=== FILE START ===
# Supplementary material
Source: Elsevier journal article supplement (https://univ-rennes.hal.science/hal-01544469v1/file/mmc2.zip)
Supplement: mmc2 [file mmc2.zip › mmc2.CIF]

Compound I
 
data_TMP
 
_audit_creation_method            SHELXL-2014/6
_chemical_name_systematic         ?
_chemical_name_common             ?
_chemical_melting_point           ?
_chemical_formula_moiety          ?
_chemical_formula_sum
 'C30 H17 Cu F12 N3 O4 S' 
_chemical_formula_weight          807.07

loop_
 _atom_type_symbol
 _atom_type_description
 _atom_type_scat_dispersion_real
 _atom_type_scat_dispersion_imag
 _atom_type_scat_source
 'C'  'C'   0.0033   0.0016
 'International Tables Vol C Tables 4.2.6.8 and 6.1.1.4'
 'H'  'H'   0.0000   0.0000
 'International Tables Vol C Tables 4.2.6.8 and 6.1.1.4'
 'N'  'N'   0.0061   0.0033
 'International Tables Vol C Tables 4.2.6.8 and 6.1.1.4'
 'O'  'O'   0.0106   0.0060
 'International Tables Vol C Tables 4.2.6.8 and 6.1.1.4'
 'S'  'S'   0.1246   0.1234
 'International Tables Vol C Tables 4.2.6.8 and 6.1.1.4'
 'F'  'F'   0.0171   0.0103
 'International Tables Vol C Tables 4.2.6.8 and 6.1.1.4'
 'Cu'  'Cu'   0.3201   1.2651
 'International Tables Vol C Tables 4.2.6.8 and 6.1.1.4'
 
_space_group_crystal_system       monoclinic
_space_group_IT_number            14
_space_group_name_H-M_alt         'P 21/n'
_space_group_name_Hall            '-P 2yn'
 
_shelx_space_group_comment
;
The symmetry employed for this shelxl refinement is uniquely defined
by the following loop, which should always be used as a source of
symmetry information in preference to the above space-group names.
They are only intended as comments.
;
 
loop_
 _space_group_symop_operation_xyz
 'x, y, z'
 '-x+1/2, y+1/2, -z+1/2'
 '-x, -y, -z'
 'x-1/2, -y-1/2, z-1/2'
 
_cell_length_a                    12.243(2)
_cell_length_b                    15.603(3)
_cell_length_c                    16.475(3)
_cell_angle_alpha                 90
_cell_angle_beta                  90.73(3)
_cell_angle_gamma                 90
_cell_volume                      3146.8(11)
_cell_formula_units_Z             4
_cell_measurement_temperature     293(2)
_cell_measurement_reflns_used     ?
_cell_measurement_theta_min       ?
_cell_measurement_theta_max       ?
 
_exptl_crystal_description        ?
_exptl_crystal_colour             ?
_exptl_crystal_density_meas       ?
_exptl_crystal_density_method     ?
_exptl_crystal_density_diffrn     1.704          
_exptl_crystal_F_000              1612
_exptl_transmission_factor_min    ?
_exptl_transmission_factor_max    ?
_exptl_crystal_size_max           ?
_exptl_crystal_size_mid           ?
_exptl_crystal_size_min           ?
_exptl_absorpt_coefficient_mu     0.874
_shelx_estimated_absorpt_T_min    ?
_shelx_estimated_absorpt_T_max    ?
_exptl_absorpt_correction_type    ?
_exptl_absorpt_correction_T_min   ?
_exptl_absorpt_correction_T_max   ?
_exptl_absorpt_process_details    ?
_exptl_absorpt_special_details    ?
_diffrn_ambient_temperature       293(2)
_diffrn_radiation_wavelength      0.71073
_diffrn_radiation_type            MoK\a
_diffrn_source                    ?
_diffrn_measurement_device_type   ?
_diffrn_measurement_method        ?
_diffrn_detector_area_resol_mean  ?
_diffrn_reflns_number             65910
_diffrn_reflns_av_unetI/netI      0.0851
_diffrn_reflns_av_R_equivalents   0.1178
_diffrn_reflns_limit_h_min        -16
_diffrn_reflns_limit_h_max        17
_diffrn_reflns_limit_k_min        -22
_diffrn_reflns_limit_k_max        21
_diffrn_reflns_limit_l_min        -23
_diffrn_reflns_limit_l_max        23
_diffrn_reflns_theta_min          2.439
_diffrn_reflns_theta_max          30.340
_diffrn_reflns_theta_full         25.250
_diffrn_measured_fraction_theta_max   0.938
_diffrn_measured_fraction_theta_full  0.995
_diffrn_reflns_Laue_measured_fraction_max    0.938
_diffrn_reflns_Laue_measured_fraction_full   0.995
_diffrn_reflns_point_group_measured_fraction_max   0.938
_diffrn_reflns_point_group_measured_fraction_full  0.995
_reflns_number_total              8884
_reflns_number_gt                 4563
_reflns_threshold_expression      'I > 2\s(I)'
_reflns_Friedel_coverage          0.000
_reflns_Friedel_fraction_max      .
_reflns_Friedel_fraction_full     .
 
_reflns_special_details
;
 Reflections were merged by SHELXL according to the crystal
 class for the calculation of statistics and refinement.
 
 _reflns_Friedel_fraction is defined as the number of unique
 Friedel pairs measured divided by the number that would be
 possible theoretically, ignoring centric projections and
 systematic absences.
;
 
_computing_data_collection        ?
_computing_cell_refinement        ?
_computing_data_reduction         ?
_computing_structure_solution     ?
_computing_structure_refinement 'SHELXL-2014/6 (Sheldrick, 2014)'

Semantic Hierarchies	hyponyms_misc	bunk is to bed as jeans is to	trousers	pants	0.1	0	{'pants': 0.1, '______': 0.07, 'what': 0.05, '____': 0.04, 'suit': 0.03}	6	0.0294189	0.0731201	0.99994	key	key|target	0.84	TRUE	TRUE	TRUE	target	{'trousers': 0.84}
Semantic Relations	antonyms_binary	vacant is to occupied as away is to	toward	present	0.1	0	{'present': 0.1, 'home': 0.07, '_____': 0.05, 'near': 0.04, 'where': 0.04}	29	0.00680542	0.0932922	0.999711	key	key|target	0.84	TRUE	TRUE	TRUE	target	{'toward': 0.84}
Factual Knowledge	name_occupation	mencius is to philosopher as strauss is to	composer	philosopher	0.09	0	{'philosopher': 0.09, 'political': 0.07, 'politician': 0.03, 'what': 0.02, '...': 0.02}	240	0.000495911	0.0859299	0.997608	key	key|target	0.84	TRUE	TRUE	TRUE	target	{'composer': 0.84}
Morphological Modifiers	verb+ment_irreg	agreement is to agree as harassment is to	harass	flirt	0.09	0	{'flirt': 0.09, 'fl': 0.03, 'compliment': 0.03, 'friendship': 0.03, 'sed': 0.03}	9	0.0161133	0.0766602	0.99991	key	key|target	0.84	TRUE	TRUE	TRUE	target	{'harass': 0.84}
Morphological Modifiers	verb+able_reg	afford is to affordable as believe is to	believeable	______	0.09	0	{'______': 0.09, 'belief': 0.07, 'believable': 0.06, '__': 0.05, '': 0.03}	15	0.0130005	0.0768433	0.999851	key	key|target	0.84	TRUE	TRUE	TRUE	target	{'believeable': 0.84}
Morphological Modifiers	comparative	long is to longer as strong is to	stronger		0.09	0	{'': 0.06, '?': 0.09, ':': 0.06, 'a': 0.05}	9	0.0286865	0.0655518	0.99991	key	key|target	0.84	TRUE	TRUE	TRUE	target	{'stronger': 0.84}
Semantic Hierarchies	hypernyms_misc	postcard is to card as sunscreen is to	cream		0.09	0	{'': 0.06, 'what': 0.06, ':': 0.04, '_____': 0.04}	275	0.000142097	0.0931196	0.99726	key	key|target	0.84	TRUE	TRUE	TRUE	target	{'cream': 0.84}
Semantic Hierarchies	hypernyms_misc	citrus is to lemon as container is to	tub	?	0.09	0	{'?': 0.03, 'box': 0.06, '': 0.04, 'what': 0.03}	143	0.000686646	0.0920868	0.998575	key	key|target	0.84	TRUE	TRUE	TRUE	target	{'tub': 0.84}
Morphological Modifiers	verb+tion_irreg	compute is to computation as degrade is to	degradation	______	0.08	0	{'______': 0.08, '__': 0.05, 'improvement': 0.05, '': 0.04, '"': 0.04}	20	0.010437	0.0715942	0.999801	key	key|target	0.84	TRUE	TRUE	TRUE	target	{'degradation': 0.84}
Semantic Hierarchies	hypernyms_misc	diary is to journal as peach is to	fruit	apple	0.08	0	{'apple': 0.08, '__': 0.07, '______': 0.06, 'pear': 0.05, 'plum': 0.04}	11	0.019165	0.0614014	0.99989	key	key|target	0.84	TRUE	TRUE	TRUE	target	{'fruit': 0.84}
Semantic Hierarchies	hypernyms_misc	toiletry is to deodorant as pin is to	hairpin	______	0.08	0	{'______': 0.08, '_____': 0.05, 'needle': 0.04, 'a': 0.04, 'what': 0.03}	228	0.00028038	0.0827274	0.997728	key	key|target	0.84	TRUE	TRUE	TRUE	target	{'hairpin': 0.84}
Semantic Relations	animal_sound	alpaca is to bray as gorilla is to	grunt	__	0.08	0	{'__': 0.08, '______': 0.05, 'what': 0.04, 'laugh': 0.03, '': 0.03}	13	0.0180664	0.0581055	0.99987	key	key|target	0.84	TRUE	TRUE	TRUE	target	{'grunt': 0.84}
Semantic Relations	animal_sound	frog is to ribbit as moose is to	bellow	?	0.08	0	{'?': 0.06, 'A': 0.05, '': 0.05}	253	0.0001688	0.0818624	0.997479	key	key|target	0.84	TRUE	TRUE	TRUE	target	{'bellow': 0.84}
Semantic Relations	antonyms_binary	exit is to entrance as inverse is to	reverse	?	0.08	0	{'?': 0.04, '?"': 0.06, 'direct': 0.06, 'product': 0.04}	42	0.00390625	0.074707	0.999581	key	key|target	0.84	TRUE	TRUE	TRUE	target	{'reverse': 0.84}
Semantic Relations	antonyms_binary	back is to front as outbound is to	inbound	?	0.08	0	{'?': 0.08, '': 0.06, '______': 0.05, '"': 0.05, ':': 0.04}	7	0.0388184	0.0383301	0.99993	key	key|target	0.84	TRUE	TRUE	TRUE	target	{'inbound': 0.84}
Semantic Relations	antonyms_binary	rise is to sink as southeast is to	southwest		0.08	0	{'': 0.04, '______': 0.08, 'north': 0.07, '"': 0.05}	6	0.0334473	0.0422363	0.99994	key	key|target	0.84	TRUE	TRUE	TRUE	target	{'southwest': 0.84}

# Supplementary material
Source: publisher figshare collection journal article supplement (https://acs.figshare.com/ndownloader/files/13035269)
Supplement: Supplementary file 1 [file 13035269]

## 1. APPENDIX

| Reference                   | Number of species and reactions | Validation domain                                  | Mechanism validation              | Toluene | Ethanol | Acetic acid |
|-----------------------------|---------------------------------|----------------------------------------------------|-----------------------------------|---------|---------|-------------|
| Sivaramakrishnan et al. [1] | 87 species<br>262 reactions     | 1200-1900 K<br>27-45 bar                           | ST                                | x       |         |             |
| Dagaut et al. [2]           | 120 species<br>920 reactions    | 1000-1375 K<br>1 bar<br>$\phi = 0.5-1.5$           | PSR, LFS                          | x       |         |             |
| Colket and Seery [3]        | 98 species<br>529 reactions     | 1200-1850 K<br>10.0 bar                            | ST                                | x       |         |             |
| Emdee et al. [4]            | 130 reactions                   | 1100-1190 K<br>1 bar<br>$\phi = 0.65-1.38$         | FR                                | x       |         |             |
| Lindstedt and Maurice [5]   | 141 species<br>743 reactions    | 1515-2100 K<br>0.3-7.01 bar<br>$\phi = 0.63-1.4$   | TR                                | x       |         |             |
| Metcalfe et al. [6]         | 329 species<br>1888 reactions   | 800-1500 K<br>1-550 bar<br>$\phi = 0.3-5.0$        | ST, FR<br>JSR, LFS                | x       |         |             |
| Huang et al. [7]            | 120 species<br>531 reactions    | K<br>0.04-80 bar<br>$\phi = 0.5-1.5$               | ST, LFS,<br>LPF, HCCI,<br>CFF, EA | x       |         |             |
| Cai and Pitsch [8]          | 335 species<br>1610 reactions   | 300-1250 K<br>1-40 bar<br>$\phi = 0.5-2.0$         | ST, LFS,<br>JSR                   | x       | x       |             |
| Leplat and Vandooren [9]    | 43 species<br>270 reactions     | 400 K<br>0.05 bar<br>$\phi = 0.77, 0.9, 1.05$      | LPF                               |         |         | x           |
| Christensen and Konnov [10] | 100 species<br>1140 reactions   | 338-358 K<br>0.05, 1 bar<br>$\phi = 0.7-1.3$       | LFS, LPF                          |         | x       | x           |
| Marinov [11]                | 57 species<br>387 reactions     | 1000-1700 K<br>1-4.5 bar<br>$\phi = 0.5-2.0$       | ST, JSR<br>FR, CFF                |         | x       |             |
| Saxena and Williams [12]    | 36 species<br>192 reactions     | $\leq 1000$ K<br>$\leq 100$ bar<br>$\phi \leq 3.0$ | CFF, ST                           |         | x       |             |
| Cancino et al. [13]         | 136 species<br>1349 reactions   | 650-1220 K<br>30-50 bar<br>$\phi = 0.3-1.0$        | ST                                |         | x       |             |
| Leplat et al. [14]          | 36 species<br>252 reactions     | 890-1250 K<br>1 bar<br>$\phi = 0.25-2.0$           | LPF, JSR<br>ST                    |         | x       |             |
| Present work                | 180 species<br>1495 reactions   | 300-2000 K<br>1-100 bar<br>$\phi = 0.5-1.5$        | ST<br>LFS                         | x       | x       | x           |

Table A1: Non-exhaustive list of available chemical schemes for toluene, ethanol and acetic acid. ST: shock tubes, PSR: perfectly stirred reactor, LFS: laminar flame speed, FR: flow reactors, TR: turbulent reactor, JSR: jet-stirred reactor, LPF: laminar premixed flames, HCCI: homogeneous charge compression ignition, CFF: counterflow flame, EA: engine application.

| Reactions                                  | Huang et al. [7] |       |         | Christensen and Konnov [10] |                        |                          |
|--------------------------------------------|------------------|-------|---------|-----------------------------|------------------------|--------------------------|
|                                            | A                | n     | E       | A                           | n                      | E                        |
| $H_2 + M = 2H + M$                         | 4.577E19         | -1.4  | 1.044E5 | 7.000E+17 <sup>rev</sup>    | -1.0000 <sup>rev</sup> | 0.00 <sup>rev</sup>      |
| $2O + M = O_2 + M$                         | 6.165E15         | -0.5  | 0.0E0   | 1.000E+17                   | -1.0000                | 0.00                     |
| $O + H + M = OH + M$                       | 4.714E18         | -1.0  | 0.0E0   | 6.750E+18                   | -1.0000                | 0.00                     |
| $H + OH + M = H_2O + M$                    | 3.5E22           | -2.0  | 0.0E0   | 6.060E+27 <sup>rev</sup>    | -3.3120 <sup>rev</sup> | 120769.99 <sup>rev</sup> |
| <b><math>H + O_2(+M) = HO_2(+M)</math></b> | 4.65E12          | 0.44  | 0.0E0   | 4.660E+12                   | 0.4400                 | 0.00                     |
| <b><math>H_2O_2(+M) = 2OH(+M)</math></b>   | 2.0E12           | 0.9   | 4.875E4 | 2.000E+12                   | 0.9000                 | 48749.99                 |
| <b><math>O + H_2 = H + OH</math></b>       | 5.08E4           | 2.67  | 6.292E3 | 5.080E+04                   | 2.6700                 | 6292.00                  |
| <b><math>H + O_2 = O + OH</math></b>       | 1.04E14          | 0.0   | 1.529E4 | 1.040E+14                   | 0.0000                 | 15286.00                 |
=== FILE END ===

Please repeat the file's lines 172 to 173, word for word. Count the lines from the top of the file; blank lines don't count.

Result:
| <b><math>H + O_2(+M) = HO_2(+M)</math></b> | 4.65E12          | 0.44  | 0.0E0   | 4.660E+12                   | 0.4400                 | 0.00                     |
| <b><math>H_2O_2(+M) = 2OH(+M)</math></b>   | 2.0E12           | 0.9   | 4.875E4 | 2.000E+12                   | 0.9000                 | 48749.99                 |